As grueling as these endurance events are on our bodies and minds, I find value in testing the threshold of what we can accomplish. The lessons learned when we are uncomfortable become applicable to other aspects of our life through relationships, careers, decision making, and other life pursuits. There is always more to learn than we ever think.
Obviously that wasn’t too over the top since you’re interested in going back. What does 2021 look like for your Super 8 pursuits?
This year will look a bit different for me since I will actually be behind the camera filming the event! As a producer for a documentary film company, I jumped on the idea of creating a film around the Vermont Super 8 in hopes of shining a light on the bikepacking community and the culture that it creates. In my experience, bike people are good people and specifically with bikepackers, anyone can fit into this sport. From the pointy riders who push their threshold going for the FKT or the folks who just love being outside, bikepacking offers a unique connection to landscapes and communities.
Be it on the ski slopes or the middle of the Vermont woods, you don’t have the luxury of sitting down to a traditional meal. What’s your fueling strategy in these ultra distance events?
A great question, and one that seems to be continually evolving! My daily diet is focused on clean eating, whole foods, and Ayurvedic practices so bringing a simplified menu to the course has its challenges. I think the key here is consistency. Finding a balanced ratio of sugar, carbs, fat, and protein that keep your body and brain from either spiking or crashing is key. Several months before Last Skier Standing I eliminated coffee, sugars, and alcohol which would spike my metabolic or glycemic index so when it came time for race day, a small amount would hopefully have a much larger impact on my energy and being able to work through the fatigue.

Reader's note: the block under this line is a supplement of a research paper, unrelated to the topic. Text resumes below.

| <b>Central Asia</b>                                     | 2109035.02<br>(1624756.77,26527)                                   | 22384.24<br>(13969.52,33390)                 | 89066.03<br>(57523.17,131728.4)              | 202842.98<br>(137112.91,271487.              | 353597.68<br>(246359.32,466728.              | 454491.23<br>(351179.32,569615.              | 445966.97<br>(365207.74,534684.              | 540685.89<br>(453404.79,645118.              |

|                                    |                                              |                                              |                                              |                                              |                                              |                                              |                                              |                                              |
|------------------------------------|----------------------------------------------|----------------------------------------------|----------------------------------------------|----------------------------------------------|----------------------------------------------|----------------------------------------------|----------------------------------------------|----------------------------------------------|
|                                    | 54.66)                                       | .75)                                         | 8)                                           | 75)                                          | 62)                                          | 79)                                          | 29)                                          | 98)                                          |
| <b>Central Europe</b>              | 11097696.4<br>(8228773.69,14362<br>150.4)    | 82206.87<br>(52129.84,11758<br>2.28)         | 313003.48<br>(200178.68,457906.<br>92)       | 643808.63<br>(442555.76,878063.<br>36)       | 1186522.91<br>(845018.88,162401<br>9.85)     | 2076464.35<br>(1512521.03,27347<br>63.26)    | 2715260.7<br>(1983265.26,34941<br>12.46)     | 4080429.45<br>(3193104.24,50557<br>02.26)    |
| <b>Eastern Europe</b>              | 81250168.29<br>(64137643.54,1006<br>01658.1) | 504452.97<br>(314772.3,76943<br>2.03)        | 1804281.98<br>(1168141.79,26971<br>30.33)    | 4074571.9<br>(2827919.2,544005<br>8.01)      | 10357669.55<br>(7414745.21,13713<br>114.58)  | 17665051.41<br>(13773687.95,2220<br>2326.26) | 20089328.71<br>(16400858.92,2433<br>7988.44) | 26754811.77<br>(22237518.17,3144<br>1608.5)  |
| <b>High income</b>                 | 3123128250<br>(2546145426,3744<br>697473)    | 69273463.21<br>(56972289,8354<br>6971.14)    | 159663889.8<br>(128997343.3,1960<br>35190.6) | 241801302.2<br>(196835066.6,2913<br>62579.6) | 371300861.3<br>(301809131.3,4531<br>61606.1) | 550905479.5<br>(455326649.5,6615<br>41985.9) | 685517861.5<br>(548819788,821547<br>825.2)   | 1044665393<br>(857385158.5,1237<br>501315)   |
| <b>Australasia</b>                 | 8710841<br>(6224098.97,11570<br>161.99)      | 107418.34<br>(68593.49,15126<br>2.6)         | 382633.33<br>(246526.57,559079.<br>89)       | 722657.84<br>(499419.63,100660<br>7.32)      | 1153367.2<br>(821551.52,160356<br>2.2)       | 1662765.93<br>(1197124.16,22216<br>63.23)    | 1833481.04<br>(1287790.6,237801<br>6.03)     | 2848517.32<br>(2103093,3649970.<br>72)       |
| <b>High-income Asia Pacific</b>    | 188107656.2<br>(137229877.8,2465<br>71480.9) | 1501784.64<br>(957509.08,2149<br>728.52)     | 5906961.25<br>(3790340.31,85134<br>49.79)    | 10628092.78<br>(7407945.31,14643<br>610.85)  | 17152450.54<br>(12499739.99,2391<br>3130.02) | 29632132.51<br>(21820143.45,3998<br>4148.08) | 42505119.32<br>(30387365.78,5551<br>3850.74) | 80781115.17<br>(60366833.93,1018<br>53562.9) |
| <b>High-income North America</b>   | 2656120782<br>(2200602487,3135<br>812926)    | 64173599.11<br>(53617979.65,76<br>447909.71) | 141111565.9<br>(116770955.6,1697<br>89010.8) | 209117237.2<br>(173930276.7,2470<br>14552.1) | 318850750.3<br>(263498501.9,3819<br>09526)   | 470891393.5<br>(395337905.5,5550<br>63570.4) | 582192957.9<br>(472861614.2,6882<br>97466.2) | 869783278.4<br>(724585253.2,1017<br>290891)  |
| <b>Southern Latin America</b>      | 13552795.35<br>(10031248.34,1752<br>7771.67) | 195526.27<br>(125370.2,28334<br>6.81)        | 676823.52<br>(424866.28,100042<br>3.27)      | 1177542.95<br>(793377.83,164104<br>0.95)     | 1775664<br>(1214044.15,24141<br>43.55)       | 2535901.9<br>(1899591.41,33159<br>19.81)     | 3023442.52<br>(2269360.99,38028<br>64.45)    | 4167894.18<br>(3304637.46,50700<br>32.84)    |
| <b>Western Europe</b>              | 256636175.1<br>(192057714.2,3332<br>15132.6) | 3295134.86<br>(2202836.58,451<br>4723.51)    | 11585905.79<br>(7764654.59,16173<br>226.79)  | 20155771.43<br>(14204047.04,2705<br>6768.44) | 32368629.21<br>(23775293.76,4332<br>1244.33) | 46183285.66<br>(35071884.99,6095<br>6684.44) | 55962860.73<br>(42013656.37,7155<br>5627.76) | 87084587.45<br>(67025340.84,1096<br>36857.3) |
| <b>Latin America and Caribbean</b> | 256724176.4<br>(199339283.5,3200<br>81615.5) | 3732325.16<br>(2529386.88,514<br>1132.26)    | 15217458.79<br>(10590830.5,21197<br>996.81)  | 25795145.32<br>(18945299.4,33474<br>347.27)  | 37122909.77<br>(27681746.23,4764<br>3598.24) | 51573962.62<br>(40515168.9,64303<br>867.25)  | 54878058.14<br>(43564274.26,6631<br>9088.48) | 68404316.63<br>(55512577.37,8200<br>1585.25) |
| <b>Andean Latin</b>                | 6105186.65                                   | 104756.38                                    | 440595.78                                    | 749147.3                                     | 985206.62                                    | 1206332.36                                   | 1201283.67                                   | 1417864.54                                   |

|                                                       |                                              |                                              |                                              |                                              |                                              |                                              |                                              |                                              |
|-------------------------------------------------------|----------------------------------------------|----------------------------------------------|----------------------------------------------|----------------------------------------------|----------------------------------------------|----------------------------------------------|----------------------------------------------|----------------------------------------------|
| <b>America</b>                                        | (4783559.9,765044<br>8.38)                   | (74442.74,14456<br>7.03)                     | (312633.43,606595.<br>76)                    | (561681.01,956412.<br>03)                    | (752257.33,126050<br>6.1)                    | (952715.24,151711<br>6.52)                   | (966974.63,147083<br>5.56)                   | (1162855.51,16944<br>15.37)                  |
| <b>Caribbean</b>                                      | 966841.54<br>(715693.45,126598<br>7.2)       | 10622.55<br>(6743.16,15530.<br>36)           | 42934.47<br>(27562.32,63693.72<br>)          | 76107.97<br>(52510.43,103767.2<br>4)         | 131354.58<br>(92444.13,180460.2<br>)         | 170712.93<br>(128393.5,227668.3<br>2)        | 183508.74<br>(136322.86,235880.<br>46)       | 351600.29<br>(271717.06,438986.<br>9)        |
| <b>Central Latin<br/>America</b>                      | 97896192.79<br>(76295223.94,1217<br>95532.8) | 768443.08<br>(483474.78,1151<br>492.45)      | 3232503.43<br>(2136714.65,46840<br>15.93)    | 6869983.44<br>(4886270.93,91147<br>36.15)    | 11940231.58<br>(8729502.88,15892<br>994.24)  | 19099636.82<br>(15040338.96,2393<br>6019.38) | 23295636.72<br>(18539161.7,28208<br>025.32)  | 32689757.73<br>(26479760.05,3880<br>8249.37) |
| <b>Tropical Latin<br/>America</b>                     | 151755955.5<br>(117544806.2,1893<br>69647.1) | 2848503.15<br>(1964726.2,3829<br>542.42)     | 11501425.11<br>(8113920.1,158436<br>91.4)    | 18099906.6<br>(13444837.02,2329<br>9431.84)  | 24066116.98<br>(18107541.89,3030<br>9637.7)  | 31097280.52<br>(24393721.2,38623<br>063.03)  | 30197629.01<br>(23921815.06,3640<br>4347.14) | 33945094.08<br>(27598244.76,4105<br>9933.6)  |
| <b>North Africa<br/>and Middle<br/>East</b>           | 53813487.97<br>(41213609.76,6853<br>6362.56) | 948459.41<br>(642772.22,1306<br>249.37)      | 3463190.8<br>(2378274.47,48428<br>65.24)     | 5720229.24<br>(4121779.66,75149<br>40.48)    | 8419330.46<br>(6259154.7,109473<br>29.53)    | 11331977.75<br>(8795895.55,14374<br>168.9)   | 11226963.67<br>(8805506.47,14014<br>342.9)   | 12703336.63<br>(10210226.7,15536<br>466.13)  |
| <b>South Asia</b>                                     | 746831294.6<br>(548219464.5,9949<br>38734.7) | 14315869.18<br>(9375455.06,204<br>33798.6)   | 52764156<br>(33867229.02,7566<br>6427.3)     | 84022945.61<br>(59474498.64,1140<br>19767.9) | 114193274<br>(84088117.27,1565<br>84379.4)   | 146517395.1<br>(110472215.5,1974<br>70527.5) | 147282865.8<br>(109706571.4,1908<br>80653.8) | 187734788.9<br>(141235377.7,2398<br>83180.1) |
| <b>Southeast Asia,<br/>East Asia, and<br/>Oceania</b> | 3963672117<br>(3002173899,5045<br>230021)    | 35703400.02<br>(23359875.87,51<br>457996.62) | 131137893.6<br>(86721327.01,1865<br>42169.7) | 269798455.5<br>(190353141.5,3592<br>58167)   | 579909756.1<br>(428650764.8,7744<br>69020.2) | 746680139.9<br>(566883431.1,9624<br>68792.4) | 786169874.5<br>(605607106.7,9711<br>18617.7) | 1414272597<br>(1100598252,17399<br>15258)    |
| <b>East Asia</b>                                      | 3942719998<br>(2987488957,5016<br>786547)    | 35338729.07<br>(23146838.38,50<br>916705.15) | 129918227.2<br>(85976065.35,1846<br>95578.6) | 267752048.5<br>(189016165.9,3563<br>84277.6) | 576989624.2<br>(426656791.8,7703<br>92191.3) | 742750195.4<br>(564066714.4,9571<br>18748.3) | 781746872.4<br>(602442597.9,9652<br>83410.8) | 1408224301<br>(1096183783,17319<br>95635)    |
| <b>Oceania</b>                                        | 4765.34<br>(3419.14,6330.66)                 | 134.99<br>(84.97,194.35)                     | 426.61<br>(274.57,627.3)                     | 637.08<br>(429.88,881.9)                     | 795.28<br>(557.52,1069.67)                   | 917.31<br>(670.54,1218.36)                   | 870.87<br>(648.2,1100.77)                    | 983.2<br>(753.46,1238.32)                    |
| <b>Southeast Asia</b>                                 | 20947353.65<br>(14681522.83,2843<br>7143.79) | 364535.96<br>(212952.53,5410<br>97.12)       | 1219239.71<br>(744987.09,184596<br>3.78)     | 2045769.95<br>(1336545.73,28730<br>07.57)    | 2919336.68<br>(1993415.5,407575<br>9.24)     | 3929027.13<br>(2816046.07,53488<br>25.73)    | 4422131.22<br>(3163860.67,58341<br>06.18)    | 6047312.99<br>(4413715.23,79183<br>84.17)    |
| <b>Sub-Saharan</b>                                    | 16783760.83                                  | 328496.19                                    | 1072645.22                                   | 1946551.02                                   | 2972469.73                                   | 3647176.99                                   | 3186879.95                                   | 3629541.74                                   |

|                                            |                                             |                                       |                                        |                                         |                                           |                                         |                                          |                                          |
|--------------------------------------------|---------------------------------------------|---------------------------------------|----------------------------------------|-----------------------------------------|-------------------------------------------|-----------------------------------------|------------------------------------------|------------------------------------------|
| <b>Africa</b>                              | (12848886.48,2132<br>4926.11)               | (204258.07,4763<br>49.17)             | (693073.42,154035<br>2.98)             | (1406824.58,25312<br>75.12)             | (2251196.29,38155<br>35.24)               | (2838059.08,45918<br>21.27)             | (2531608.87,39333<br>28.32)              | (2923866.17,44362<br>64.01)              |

Note: maple syrup is unique in sports nutrition with its low glycemic rating of 54. Industry standards, brown rice syrup, maltodextrin, and glucose syrup are all high on the glycemic index.
What’s your perspective on events in general and going into the future amid the global pandemic? Is there a trend towards these adventures that are inherently socially distanced or is this just a trend that we have to contend with now?
To me, this is an opportunity to be creative and ask the questions that allow us to dig deeper in understanding why we choose to compete in the first place. For me, it becomes less about the expected accomplishment and more about the journey as a whole– how we prepare and how we deal with adversity in the moment. Those are the experiences that stick with us as we get back to our life off the course. Navigating the pandemic is similar to how we navigate an endurance event– the unknowns are endless no matter how well we prepare. Yes, I think the structure of these events will stick around as they allow folks to create their own experience while participating in the camaraderie of the community.
Cycling photo credit: @vermontbikepackers